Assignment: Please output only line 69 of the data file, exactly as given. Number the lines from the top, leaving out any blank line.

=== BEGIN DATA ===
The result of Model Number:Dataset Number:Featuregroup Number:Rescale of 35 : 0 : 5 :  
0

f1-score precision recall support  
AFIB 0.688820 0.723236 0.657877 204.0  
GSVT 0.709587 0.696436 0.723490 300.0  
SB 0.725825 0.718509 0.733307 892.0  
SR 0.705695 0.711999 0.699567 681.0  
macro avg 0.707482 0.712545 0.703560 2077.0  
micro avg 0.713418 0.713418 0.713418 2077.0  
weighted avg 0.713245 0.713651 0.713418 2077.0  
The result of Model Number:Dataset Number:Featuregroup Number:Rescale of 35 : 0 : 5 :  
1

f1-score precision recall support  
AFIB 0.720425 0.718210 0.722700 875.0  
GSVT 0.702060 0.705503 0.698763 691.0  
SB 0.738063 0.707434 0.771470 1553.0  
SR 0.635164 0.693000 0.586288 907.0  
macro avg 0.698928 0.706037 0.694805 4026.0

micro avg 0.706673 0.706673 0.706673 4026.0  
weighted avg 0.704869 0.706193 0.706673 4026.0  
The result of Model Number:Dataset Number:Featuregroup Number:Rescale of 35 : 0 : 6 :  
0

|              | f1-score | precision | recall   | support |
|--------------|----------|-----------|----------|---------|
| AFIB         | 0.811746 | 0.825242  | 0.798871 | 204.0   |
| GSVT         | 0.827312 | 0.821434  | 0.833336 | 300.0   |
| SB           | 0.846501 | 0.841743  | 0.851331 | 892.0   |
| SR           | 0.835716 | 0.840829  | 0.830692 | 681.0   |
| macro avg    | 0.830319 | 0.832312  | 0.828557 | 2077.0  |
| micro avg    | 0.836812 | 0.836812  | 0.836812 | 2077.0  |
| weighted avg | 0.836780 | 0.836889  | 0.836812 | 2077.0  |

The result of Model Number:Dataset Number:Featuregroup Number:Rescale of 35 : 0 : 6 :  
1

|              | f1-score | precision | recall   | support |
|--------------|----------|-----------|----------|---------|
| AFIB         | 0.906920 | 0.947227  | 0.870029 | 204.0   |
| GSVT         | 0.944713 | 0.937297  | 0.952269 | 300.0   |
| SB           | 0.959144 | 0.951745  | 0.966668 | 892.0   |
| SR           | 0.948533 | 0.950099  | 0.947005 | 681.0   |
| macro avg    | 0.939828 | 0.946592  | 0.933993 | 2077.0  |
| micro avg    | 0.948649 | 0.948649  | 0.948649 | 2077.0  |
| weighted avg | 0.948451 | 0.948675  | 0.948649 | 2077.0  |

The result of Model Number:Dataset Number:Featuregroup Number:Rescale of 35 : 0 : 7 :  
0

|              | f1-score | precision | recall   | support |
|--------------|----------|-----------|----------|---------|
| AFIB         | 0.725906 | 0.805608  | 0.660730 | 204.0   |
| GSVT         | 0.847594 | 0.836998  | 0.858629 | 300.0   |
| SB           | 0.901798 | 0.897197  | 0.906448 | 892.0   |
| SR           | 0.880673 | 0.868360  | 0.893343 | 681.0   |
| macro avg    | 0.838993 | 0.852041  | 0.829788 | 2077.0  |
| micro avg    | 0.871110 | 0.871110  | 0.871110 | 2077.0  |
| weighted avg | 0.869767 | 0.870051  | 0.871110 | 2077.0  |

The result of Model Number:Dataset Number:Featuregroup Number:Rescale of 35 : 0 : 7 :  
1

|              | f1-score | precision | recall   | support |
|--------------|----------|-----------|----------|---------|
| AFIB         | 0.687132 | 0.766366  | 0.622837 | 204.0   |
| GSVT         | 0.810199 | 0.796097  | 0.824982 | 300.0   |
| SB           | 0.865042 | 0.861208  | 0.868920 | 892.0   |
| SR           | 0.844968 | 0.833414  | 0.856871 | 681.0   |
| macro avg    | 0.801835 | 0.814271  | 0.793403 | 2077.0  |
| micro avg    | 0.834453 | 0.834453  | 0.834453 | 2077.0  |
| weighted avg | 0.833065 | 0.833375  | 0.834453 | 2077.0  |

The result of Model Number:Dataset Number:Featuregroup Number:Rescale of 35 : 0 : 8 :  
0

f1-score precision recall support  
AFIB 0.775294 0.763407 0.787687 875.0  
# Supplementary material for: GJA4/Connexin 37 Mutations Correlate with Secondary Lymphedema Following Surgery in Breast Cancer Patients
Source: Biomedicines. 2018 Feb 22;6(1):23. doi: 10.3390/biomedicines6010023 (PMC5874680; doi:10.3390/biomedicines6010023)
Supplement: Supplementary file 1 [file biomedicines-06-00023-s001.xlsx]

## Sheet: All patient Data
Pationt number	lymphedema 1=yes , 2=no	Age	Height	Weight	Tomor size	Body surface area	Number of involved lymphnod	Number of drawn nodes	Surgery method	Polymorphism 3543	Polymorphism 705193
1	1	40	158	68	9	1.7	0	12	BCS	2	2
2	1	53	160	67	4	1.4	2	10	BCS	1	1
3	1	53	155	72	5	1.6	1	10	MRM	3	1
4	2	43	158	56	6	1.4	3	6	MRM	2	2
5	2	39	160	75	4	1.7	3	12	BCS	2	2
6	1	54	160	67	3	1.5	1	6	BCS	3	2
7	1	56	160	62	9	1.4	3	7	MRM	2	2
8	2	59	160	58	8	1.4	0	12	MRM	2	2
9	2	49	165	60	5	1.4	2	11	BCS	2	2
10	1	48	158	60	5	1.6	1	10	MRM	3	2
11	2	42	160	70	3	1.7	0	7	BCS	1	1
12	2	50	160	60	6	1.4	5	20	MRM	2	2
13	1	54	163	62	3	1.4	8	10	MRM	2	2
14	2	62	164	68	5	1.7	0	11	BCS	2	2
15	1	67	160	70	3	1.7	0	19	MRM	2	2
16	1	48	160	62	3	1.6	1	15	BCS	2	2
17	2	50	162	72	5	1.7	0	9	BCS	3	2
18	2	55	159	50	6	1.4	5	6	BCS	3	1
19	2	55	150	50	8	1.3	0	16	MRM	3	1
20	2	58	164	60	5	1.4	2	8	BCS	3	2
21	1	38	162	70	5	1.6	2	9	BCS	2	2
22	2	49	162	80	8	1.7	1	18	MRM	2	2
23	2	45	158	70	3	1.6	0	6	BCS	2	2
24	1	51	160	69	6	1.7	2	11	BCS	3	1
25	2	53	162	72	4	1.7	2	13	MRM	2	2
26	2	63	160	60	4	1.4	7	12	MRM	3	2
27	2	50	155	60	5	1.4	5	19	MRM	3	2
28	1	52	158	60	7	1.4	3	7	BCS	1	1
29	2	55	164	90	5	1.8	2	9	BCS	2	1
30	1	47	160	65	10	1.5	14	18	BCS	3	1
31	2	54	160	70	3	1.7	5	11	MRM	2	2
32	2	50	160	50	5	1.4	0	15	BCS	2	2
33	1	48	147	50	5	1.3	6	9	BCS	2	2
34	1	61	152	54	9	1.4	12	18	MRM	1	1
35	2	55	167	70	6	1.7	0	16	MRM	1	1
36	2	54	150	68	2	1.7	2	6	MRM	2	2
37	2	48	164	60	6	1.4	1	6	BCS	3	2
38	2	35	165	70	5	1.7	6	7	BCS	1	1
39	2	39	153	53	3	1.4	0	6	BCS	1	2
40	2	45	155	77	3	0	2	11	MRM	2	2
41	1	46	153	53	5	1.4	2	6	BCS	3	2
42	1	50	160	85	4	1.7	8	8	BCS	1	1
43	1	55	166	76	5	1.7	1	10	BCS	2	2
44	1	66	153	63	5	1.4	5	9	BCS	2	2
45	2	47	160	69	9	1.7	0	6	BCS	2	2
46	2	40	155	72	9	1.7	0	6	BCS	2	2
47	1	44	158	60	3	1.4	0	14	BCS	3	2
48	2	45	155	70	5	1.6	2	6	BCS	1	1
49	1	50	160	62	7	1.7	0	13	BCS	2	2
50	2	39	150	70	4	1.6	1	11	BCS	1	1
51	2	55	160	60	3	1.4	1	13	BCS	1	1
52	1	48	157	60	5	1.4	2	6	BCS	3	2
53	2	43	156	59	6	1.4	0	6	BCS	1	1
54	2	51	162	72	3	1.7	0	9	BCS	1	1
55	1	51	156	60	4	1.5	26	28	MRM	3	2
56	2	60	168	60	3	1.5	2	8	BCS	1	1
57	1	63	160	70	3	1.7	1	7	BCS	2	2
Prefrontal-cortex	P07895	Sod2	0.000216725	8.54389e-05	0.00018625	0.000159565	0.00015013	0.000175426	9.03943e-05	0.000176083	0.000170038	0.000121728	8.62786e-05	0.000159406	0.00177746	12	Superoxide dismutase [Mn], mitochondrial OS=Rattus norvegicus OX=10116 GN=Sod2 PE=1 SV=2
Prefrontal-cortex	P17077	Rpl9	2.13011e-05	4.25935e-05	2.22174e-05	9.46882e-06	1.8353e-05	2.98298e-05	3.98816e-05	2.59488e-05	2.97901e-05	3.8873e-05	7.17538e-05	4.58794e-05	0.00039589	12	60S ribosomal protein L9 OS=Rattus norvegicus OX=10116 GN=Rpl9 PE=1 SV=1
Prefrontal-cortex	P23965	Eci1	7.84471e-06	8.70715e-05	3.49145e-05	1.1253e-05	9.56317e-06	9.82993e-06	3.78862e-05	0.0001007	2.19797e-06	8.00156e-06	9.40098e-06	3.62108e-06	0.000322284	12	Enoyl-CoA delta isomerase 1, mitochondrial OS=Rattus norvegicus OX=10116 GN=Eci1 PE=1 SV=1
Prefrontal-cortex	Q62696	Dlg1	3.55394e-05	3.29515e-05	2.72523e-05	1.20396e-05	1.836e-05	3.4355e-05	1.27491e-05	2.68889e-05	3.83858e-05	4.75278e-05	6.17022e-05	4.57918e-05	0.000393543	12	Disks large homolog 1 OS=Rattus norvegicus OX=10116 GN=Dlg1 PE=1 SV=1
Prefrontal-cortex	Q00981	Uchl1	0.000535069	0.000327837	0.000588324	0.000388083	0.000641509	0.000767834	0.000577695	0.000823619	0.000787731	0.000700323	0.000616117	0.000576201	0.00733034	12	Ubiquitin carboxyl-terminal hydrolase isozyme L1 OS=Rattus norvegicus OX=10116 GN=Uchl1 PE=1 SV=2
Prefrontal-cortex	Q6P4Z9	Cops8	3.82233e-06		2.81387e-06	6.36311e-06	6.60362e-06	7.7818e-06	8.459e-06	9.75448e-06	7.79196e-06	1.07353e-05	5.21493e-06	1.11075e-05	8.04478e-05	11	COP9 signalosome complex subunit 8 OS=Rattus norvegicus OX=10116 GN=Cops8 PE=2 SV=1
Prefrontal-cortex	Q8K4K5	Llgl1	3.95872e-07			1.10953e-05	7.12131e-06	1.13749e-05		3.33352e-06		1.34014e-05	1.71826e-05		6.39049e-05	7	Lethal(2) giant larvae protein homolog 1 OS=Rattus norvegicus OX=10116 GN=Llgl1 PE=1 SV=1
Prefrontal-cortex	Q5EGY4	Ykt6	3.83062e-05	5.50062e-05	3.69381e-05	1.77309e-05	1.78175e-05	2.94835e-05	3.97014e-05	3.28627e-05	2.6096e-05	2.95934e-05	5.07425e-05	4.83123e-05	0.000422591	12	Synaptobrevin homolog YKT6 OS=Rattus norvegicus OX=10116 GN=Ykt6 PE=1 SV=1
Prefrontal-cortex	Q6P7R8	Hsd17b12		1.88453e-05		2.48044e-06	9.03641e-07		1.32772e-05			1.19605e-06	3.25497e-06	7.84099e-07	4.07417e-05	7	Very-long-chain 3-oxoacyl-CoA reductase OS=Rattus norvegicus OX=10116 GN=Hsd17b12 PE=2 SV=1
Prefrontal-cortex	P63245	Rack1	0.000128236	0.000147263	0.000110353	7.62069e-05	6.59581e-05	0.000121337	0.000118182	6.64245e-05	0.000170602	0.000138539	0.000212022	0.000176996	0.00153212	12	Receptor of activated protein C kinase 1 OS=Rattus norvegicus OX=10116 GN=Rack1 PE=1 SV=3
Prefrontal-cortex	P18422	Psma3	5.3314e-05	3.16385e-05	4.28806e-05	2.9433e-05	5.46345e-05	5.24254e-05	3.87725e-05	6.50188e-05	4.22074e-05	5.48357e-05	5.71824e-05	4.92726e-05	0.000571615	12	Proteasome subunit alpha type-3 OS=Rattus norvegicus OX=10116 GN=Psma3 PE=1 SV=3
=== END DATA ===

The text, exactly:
# Supplementary material for: GJA4/Connexin 37 Mutations Correlate with Secondary Lymphedema Following Surgery in Breast Cancer Patients